When, in the autumn of
1842, I published my volume on the Grasses of Scotland, I stated at one
part of the preface. "My original purpose was to embrace in this
work all the Grasses of the United Kingdom, but the want of recent
specimens of the Grasses peculiar to England and to Ireland made it
necessary that, for the present, I should limit my plan. I propose,
however, as soon as I have gained the proper opportunities, to publish a
similar account of those additional species." Having taken pains since
that time to procure those opportunities, I hasten to redeem my promise,
by placing before the public the completion of my original plan.
The volume or part now
published contains, on the plan followed in " the Grasses of Scotland,"
a description of all the additional species peculiar to England as well
as to Ireland.
Of a few of the species
common to Scotland and to one or both of the other great divisions of
the United Kingdom, the descriptions have been repeated; and this has
been done expressly as often as it appeared that any thing had been
omitted, or that any characters could be added or amended, so as to
render the distinction of closely allied species more easy. For example,
all the species and varieties of the genus Bromus are described in
this volume, or there is a repetition of the descriptions of all the
species met with in Scotland, and therefore given formerly in the
"Grasses of Scotland" for the species of this genus are more numerous in
England than in Scotland, and every botanist will perceive at once a
ready source of the improvement of former descriptions in the comparison
of a greater number of species.
The plates are not
placed, as in "the Grasses of Scotland," at the end of the work, but,
for greater ease of reference, opposite to the descriptions to which
No pains have been spared
to make the arrangement of the Tribes and Genera as practically useful
as possible, which has led to some variations on the groups employed in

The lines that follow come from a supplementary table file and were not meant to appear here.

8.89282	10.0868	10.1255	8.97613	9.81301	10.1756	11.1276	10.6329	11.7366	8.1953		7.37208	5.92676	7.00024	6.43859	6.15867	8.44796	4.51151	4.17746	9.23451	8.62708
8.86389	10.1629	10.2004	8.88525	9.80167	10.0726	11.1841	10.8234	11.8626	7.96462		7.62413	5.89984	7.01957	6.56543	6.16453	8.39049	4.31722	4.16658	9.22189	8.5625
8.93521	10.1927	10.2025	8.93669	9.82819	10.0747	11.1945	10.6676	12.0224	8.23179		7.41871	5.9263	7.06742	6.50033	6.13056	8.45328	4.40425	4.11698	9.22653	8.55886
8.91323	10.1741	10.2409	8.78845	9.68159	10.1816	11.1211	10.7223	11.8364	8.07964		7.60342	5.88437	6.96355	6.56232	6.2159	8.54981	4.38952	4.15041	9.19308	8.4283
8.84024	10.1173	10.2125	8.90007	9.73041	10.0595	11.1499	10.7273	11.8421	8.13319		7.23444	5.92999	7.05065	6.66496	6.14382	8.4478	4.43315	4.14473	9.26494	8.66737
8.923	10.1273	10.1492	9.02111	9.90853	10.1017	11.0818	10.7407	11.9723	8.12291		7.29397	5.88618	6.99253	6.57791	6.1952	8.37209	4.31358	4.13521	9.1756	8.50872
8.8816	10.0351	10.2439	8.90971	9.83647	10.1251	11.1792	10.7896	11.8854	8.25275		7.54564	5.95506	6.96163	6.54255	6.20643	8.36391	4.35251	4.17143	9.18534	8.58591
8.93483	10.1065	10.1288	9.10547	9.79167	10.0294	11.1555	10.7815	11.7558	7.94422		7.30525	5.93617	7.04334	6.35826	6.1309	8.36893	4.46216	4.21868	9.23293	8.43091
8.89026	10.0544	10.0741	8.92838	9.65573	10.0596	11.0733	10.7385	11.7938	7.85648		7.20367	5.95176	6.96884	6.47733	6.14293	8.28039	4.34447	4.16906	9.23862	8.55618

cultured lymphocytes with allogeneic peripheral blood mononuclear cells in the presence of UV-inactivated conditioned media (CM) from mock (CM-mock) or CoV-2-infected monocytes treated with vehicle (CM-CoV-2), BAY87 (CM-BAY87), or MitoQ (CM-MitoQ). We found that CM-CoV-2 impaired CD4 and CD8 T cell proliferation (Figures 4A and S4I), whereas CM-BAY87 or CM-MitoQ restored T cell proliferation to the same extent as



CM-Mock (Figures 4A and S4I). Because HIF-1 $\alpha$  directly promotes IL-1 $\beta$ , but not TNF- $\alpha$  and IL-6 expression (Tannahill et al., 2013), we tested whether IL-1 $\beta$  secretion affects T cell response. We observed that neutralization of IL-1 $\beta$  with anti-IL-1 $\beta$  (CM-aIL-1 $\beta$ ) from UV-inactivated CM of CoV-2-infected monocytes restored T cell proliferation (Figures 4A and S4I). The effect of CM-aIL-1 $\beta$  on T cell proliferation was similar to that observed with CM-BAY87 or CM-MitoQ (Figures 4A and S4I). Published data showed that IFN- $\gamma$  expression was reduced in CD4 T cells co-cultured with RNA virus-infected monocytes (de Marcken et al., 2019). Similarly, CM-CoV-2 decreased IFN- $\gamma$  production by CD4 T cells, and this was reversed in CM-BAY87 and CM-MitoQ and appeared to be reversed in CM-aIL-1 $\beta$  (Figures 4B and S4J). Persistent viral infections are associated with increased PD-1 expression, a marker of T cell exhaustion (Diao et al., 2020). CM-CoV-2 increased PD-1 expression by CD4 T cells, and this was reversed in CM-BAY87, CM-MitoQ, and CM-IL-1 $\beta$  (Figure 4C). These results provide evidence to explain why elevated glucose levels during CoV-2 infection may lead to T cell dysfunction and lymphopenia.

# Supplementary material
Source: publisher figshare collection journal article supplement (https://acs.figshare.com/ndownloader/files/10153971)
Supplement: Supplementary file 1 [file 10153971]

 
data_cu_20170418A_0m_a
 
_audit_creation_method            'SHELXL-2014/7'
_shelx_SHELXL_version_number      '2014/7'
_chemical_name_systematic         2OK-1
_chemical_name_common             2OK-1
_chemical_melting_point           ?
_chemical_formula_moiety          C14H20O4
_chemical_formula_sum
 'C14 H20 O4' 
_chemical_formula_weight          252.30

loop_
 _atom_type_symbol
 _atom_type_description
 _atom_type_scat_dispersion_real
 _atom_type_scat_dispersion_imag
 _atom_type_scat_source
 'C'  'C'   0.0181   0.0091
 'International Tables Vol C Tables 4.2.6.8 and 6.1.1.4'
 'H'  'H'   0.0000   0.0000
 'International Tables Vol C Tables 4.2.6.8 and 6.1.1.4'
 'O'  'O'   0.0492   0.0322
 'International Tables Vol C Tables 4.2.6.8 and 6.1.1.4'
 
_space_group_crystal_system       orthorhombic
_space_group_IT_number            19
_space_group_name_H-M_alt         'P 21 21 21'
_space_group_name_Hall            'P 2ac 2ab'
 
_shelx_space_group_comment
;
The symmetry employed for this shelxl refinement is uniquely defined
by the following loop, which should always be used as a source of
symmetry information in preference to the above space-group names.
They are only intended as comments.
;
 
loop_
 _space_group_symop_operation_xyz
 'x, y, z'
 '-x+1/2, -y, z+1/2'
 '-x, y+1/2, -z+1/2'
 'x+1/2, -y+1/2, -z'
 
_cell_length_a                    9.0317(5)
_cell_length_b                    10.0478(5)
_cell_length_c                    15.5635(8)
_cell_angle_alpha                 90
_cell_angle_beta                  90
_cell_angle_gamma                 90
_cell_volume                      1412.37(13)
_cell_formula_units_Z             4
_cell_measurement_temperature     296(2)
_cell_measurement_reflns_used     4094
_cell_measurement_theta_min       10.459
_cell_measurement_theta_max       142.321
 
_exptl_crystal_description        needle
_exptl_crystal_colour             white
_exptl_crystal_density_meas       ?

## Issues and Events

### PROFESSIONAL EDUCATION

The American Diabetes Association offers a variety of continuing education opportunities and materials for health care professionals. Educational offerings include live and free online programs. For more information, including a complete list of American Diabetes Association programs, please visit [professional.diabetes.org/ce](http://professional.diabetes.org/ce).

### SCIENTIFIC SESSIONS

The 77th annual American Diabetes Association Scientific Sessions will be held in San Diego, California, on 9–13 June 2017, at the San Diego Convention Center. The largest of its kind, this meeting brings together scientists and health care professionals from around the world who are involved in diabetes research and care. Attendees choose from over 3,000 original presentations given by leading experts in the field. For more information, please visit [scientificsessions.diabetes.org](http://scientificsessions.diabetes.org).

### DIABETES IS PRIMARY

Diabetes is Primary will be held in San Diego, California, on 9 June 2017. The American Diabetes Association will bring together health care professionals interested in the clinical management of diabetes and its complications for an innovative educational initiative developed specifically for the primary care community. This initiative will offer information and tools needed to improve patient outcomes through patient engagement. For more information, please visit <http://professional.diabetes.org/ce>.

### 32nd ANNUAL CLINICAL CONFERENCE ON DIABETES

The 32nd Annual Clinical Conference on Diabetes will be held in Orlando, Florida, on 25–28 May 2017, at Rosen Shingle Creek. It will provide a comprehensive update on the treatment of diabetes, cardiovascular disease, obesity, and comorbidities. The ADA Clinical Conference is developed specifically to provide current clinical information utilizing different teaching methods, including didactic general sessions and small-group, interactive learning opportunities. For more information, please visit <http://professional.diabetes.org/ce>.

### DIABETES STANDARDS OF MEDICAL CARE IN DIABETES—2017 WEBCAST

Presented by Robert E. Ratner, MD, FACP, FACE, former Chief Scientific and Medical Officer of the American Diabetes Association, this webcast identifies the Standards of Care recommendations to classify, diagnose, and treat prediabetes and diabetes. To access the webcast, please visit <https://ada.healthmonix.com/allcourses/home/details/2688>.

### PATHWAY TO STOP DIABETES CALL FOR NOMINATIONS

"the Grasses of Scotland."
With the same purpose of
rendering the work as practically useful as possible, I have introduced
a few tables, which I hope may prove of service in facilitating the
progress of the student in this difficult department of botany. The
first table exhibits the Grasses of the United Kingdom arranged
according to their time of flowering from the first week of April to the
third week of August In a separate column of the same table is indicated
the week of the summer and autumn months in which the seeds ripen, and
in the remaining columns are shown the habitat as peculiar to one or
more of the divisions of the United Kingdom, or common to England,
Ireland, or Scotland, also the page where each grass is described, and
the number of the plate where it is figured.
The remaining tables are
of less interest to the botanist, 'being drawn from authorities on
agriculture, and designed to afford to the cultivator some hints of a
general kind, under different circumstances, for the choice and
management of grasses.
In conclusion I have only
to add, that, to obviate misunderstanding hereafter as to the species
and varieties, I shall deposit with the Linnean Society of London a
specimen of the original grass plants employed in the descriptions and
figures throughout the entire work.
March 1st 1845.